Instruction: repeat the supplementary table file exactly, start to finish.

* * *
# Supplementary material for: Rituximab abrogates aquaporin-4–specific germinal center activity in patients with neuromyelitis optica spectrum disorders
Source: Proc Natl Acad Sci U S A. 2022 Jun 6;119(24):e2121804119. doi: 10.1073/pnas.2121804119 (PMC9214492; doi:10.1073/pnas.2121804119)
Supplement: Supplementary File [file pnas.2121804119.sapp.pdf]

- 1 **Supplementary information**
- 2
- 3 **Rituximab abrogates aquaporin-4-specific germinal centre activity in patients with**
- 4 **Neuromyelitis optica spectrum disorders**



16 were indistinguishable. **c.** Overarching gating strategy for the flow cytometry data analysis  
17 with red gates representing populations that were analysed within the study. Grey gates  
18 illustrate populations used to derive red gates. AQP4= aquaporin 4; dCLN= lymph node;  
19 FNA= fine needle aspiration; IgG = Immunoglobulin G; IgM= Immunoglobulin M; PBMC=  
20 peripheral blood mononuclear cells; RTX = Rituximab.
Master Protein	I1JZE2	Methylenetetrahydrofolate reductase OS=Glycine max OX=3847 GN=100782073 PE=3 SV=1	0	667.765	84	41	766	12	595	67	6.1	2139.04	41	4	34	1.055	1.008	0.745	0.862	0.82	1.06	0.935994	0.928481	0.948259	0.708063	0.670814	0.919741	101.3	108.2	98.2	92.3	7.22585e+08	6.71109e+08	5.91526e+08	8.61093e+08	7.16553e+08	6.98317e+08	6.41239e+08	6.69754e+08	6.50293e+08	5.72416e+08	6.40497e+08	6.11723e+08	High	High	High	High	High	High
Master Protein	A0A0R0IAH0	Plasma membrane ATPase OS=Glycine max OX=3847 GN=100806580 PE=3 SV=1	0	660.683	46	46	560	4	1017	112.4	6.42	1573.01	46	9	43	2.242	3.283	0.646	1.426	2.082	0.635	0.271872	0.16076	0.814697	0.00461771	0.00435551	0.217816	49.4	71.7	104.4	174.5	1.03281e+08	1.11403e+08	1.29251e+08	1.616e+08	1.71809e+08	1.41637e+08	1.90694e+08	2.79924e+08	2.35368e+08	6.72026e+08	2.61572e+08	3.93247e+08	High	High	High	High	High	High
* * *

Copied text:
# Supplementary material for: Rituximab abrogates aquaporin-4–specific germinal center activity in patients with neuromyelitis optica spectrum disorders
Source: Proc Natl Acad Sci U S A. 2022 Jun 6;119(24):e2121804119. doi: 10.1073/pnas.2121804119 (PMC9214492; doi:10.1073/pnas.2121804119)
Supplement: Supplementary File [file pnas.2121804119.sapp.pdf]

- 1 **Supplementary information**
- 2
- 3 **Rituximab abrogates aquaporin-4-specific germinal centre activity in patients with**
- 4 **Neuromyelitis optica spectrum disorders**



16 were indistinguishable. **c.** Overarching gating strategy for the flow cytometry data analysis  
17 with red gates representing populations that were analysed within the study. Grey gates  
18 illustrate populations used to derive red gates. AQP4= aquaporin 4; dCLN= lymph node;  
19 FNA= fine needle aspiration; IgG = Immunoglobulin G; IgM= Immunoglobulin M; PBMC=  
20 peripheral blood mononuclear cells; RTX = Rituximab.
Master Protein	I1JZE2	Methylenetetrahydrofolate reductase OS=Glycine max OX=3847 GN=100782073 PE=3 SV=1	0	667.765	84	41	766	12	595	67	6.1	2139.04	41	4	34	1.055	1.008	0.745	0.862	0.82	1.06	0.935994	0.928481	0.948259	0.708063	0.670814	0.919741	101.3	108.2	98.2	92.3	7.22585e+08	6.71109e+08	5.91526e+08	8.61093e+08	7.16553e+08	6.98317e+08	6.41239e+08	6.69754e+08	6.50293e+08	5.72416e+08	6.40497e+08	6.11723e+08	High	High	High	High	High	High
Master Protein	A0A0R0IAH0	Plasma membrane ATPase OS=Glycine max OX=3847 GN=100806580 PE=3 SV=1	0	660.683	46	46	560	4	1017	112.4	6.42	1573.01	46	9	43	2.242	3.283	0.646	1.426	2.082	0.635	0.271872	0.16076	0.814697	0.00461771	0.00435551	0.217816	49.4	71.7	104.4	174.5	1.03281e+08	1.11403e+08	1.29251e+08	1.616e+08	1.71809e+08	1.41637e+08	1.90694e+08	2.79924e+08	2.35368e+08	6.72026e+08	2.61572e+08	3.93247e+08	High	High	High	High	High	High